Matthew Lincoln, PhD Cultural Heritage Data & Info Architecture


In 2013 I was nearing the end of my PhD coursework and feeling truly despondent about the specter of writing a proposal for my dissertation. Nothing in the field seemed to be the right combo of interesting, feasible, and novel. I was supposed to be itching to read more, and build a research plan around some new and exciting thing in seventeenth-century Dutch art history, but I was spinning my wheels. With a little nudge from my department chair, and the leaders of the Michelle Smith Collaboratory in UMD’s department of Art History & Archaeology, I went to THATCamp Prime at GMU.

I didn’t put the pieces together until now, but THATCamp Prime 2013 was one of my first academic gatherings. I wouldn’t present at my first “big boy” conference (SCSC 2013) until later that year. And I am convinced it colored my impression of every “traditional” conference since, even though it was the only THATCamp I ever attended. I didn’t learn entirely new skills or have a singular ‘a-ha’ moment that weekend in Fairfax - that would only come through much more elbow grease, privilege, and good fortune from my academic community at UMD. But what I did get was the sheer sense of energy and relevancy I could find nowhere else in my home field, and so much of it pointed at the digital systems that I gradually came to realize underpinned absolutely everything about how we performed art history in the 21st century. THATCamp made upending these systems seem possible to me, for the first time ever.

In orbital mechanics, it is generally least expensive to try and change the plane of your elliptical orbit when you are at the apogee, the point farthest from the mass you’re orbiting, when your velocity is slowest, and thus your application of energy the most efficient. 2013 was an apogee in my graduate career: my intellectual velocity had slowed to a crawl, I felt more distant than ever from the cares of both academic art history as well as the museum curatorial world that was my original end goal of trying to get a PhD in the first place. THATCamp kicked me into an entirely different orbit. I’m still refining my relationship with art history, and even my relationship with digital humanities continues to evolve and mature. But it’s less and less been about giving that perfect 20 minute talk at RSA, or CAA, or even at the ADHO conference, and more and more about building data, systems, and tools to help our community make sense of the cultural heritage that is our source of study.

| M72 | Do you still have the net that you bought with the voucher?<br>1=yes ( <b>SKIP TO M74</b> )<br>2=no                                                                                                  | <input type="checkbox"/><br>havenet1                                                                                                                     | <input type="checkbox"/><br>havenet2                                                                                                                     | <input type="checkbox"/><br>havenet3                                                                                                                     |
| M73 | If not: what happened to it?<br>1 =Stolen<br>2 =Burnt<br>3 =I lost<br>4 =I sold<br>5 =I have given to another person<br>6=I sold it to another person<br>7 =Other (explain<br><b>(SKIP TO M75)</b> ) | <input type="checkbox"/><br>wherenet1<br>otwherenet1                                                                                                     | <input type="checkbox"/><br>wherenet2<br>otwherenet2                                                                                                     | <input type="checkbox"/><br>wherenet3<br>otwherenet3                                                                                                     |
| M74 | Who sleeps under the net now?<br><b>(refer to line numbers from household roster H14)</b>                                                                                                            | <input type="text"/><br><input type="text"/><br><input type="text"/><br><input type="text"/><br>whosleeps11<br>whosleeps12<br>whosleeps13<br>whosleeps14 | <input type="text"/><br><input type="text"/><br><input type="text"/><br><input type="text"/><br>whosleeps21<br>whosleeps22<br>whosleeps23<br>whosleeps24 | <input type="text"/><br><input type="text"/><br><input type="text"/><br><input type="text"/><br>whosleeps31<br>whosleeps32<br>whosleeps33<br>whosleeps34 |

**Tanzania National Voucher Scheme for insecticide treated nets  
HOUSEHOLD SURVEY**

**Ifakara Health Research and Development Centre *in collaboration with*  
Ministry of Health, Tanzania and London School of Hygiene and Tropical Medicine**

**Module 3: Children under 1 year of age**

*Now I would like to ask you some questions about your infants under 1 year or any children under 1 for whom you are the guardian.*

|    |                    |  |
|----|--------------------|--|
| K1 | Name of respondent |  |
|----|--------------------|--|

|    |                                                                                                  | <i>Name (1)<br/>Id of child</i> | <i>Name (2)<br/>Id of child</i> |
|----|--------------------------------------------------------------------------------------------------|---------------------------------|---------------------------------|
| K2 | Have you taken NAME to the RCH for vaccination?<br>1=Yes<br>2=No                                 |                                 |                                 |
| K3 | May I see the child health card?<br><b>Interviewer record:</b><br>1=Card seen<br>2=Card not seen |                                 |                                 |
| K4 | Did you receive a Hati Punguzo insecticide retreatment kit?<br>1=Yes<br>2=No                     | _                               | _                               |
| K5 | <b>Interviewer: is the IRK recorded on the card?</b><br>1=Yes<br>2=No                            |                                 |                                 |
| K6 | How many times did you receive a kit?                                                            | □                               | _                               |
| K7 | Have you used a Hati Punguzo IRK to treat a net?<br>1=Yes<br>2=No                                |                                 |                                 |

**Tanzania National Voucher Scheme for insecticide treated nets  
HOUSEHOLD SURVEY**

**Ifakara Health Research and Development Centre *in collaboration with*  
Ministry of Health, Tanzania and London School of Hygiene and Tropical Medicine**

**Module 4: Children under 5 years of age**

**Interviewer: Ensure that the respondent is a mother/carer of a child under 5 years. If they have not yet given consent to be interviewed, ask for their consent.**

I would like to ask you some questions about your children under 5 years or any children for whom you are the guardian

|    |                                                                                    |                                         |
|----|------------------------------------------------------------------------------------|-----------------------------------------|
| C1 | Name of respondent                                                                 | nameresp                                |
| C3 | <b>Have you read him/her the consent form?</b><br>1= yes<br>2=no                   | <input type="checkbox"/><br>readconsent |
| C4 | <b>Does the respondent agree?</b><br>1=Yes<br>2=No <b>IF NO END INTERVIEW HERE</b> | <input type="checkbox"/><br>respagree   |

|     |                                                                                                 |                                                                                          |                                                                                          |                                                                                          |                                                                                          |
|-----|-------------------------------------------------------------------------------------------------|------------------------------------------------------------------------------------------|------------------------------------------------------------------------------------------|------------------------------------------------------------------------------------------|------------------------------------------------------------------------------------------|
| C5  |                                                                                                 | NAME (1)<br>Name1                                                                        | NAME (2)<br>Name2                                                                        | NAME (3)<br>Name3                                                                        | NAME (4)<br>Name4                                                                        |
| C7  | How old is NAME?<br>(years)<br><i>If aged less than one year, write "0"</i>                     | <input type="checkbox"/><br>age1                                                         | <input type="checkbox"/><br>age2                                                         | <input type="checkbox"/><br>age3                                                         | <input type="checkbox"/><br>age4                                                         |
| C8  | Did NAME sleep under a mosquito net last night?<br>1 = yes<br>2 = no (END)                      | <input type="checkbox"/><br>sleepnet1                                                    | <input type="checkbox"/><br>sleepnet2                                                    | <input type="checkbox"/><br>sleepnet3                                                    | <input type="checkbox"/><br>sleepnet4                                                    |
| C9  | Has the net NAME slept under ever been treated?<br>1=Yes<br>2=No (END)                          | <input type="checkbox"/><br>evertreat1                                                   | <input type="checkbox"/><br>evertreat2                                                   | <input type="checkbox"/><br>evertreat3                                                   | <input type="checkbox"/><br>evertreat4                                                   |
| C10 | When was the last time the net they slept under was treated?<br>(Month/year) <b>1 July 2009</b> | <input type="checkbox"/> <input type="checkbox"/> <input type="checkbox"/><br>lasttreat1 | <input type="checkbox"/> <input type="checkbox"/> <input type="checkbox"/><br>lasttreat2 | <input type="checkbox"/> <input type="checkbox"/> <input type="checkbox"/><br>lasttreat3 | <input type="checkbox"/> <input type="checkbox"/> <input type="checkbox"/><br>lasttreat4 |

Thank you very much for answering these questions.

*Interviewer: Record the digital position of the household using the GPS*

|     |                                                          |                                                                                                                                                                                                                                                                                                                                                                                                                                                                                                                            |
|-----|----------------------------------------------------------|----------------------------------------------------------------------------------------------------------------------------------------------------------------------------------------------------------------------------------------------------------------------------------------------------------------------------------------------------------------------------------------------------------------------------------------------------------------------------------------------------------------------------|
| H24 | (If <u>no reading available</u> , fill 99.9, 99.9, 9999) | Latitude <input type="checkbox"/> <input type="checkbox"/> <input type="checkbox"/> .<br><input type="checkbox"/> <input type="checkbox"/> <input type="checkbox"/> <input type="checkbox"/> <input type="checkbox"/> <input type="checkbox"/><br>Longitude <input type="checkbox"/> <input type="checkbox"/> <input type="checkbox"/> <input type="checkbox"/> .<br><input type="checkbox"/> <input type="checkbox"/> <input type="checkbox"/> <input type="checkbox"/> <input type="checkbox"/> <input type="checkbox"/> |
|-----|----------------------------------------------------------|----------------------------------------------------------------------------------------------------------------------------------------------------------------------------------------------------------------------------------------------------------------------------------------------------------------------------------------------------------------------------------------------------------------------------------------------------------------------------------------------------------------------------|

Like Quinn and Trevor and others have noted in their retrospectives, THATCamp really only worked because it was coming at just the right time for the field, where it was good and useful for anything to seem possible, even if we didn’t know how yet. We know now that our future (if we’re to have it) will need to be more about moving slow and fixing things - doing the arduous work of how. THATCamp was our booster rocket, but now comes the much longer journey. So thank you, THATCamp, for being the kick I didn’t know I needed, at just the time that it could do the very most. You’re leaving us with so much more work to be done, but looking over these retrospectives, I’m reminded more than ever that this community is truly legion, and that it’s more than ready to get to work.

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Cite this post:

Lincoln, Matthew D. "Apogee." Matthew Lincoln, PhD (blog), 28 Feb 2020,

Tagged in: Digital HumanitiesTHATCamp